The Minister of Justice points out that civil commerce of a structure which is a movable is subject to obligatory notarised formal requirements. According to the information from the Chamber of Notaries a uniform notarial practice has developed for the interpretation of the contested provisions and so far there have been no disputes concerning the existence of the right of pre-emption. Thus, everyone participating in commerce can, with competent counselling, be informed of the valid right of pre-emption upon transferring a privatised dwelling, of the procedure for the exercise of the right and of the legal consequences thereof. The practice as long and as uniform as this does not allow to regard pertinent regulation as lacking legal clarity.
Nevertheless, the Minister of Justice admits that § 131 of LPAIA is not free of problems. It can be argued that the owners of privatised dwellings are treated unequally in comparison with the owners of apartment ownership, as in case of transfer of registered apartments no right of pre-emption has been prescribed. The legislator enacted a different regulation in regard to these objects of rights because it wished to make apartment ownership an attractive object of civil commerce. The right of pre-emption of co-owners is but a temporary measure, fostering the interests of the owners of small residential buildings.
The Minister of Justice does not consider it necessary to analyse the proportionality of the infringement of the right of ownership, caused by the right of pre-emption, because his opinion on that issue has not been requested.
9. The Chancellor of Justice is of the opinion that sentences 3 and 5 of § 131(2) of LPAIA are not pertinent provisions for the adjudication of the civil matter. Furthermore, when reviewing the formal constitutionality of the provisions, the Chancellor of Justice came to the conclusion that these are in conformity with the principle of legal clarity. The provisions are of a reform law and meet the level of legal clarity required of reform laws and they can be understood with the help of commentaries to the Act and with competent counselling. The Chancellor of Justice argues that the substantial constitutionality of the infringement can not be assessed on the basis of the facts submitted within the concrete norm control.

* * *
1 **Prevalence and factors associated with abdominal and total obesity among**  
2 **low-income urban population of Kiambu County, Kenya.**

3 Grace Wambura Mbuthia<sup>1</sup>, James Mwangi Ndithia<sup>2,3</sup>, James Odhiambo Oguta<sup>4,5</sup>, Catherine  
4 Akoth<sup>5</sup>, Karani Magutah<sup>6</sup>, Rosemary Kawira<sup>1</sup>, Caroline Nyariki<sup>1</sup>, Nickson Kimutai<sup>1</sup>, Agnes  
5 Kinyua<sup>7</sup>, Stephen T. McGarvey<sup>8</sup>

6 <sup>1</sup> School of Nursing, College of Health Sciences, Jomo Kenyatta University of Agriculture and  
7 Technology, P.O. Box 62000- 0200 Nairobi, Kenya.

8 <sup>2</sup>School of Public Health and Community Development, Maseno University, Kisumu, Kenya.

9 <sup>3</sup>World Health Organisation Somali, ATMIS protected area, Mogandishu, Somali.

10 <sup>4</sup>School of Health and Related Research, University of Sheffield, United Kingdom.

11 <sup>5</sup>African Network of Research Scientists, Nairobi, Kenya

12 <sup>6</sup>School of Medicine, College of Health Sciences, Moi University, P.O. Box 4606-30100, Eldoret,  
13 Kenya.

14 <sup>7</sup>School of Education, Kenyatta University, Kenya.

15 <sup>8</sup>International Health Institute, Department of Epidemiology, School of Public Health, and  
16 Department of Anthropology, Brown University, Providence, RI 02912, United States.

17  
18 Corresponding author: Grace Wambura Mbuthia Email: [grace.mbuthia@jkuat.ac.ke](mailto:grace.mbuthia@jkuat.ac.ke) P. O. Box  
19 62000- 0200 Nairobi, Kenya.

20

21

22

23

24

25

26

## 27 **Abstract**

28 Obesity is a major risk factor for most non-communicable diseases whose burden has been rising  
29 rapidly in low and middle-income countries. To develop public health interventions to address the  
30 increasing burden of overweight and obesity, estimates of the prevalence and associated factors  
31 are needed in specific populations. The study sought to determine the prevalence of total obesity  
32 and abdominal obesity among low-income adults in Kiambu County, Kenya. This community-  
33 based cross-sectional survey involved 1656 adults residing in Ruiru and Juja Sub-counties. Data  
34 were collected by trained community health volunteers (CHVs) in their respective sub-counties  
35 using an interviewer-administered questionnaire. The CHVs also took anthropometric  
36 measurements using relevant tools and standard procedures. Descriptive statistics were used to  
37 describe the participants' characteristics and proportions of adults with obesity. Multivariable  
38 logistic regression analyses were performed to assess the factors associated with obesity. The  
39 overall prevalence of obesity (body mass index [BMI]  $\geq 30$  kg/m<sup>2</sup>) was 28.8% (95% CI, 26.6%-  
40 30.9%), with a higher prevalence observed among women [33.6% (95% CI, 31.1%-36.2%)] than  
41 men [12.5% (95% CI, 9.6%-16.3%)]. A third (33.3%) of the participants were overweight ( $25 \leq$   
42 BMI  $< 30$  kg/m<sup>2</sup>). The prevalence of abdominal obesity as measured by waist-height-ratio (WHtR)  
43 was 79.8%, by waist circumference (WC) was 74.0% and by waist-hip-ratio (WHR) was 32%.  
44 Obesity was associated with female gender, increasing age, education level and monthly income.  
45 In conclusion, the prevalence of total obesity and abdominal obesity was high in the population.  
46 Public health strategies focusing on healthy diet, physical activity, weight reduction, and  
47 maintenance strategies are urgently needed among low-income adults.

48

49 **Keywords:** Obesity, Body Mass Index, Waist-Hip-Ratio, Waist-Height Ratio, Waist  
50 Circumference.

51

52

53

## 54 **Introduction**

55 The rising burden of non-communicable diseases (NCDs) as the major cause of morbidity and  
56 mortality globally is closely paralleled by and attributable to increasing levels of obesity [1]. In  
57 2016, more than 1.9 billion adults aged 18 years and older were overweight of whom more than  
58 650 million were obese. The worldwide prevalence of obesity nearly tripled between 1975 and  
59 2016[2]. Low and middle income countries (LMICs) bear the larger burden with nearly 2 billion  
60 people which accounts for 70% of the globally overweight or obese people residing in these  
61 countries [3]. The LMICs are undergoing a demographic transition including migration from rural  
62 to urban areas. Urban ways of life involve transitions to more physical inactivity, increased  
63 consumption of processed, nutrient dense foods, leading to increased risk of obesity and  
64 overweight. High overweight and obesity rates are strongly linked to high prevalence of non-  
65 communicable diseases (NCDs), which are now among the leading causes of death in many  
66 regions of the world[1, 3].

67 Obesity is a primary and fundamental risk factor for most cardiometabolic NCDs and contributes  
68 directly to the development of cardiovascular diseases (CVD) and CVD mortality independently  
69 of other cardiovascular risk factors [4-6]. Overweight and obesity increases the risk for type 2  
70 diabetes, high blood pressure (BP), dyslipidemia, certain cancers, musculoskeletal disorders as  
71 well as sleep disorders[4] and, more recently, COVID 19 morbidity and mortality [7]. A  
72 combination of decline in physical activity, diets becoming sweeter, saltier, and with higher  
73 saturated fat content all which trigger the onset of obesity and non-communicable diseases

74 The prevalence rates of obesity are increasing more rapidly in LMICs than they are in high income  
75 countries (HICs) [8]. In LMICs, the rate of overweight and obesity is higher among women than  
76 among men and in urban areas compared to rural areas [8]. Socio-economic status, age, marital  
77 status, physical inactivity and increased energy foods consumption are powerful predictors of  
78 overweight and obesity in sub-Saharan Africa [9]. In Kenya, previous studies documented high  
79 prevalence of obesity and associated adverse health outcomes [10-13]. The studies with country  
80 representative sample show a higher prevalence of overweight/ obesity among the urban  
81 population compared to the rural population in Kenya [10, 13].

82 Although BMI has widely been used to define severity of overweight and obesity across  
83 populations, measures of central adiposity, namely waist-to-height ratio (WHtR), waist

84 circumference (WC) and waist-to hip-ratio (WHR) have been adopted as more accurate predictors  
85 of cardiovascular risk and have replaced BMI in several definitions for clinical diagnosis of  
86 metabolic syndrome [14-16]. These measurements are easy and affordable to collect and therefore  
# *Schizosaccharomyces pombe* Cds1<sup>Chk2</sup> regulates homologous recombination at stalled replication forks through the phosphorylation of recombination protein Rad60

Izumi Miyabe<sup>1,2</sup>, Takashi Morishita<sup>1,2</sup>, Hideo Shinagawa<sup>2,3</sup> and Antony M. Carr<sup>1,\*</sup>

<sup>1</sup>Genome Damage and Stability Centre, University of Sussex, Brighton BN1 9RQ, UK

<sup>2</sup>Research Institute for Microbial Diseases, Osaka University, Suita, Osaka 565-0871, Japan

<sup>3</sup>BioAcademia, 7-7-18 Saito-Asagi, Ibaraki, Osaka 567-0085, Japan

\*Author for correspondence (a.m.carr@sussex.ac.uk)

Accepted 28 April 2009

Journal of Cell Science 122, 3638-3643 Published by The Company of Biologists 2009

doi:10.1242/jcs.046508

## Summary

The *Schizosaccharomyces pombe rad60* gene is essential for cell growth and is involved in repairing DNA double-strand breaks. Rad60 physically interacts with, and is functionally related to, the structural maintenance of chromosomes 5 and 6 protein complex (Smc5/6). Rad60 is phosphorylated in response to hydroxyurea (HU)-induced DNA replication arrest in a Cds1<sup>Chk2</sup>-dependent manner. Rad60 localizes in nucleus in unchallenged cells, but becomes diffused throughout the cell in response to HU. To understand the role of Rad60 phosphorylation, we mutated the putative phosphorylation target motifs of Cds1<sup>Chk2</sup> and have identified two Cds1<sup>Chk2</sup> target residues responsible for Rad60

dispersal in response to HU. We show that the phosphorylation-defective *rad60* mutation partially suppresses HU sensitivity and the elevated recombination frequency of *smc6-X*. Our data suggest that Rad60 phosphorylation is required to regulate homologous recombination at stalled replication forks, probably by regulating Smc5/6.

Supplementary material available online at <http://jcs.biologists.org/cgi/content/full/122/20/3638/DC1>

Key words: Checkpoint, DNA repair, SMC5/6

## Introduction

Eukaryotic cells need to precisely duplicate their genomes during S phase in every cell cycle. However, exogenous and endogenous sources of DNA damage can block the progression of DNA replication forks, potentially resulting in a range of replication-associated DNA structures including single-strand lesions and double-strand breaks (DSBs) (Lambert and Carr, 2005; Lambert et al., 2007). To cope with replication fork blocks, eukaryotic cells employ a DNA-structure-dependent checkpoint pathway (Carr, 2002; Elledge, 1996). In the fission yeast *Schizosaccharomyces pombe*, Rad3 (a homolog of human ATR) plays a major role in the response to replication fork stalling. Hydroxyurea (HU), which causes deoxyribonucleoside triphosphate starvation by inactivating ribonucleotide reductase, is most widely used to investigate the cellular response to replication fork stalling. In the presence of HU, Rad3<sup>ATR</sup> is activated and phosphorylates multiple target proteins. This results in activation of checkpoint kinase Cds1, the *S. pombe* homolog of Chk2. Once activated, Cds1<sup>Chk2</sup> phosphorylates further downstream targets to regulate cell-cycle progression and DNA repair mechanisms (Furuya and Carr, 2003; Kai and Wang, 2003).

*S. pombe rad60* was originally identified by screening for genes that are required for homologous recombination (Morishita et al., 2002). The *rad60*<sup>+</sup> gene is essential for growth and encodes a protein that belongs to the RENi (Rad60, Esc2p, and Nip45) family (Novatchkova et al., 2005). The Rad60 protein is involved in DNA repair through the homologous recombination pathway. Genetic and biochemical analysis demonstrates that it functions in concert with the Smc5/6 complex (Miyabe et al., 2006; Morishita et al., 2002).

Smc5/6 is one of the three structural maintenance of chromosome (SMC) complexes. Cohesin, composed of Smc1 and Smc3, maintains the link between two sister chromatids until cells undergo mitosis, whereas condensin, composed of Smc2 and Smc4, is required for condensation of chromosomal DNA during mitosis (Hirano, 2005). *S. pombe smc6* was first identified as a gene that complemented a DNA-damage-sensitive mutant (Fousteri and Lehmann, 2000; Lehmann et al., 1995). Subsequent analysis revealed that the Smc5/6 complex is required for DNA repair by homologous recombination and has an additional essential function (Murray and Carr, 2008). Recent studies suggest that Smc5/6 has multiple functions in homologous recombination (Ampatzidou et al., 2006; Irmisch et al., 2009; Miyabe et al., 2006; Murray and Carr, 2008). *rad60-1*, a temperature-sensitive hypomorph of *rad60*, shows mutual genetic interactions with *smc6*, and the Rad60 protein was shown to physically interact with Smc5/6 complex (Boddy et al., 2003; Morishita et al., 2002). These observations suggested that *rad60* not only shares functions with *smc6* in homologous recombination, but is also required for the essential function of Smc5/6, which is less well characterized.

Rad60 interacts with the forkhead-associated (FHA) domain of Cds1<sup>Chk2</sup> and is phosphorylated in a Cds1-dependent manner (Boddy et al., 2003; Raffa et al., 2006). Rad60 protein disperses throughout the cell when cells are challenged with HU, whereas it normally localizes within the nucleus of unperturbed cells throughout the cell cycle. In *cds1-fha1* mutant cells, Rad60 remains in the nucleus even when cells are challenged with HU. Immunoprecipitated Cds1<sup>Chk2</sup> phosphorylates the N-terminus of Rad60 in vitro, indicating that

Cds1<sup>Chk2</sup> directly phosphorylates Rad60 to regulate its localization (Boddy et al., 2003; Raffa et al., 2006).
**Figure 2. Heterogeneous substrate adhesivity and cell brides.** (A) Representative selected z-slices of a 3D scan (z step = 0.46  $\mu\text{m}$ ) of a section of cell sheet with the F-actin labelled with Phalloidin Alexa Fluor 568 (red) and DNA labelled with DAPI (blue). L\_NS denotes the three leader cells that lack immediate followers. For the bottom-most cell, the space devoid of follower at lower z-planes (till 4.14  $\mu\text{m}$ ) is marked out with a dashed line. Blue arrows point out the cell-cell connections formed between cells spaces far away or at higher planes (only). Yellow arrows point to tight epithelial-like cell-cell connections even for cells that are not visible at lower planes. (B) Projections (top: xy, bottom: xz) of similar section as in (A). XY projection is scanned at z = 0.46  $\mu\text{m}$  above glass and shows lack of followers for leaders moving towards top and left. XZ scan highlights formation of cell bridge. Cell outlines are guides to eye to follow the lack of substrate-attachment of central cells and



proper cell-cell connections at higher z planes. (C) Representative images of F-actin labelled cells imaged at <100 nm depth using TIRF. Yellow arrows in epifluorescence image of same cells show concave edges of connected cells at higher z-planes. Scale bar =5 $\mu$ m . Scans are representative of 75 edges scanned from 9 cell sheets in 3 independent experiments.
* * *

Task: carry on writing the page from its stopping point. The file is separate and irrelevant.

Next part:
10. The plaintiff is of the opinion that § 131(2) of LPAIA is in conformity with the Constitution.
The contested provisions in their conjunction are understandable and clear in the legal sense. This is supported by the fact that during the whole period of validity of the norm no legal disputes, deserving the attention of the Supreme Court, have arisen on the basis of application of the norm or exercise of the right of pre-emption. Thus, the norm has been uniformly understandable to those who have applied it.
11. The defendant has not forwarded to the Supreme Court her opinion concerning the petition.
12. § 131 of the Law of Property Act Implementation Act provides as follows:
“§ 131. Right of pre-emption upon transfer of structure as movable for charge
(1) If a structure is in common ownership, a co-owner has, upon transfer of a legal share of the structure for charge, the right of pre-emption to the share being transferred except if the share is transferred to a descendant or parent of the co-owner, another co-owner or a person who has preference by law.
(2) The right of pre-emption of a co-owner does not apply upon privatisation of a dwelling and of a non-residential space in a residential building. A privatised dwelling and privatised non-residential space in a residential building and other shares belonging thereto are in commerce together. The right of pre-emption of a co-owner does not apply upon transfer of a privatised dwelling or non-residential space in a residential building for charge if there are more than six co-owners. An obligated subject of privatisation of a dwelling or non-residential space does not have the right of pre-emption. In the case of a co-owner’s right of pre-emption, it also extends to the dwelling connected with another share of the structure and to non-residential space in the residential building.”
OPINION OF THE CONSTITUTIONAL REVIEW CHAMBER
13. Pursuant to § 14(2) of the Constitutional Review Court Procedure act the Supreme Court can only review the constitutionality of a pertinent norm. A norm is pertinent if it is of decisive importance for the resolution of a case (see judgment of the General Assembly of the Supreme Court of 22 December 2000, in matter No 3-4-1-10-00 – RT III 2001, 1, 1, § 10).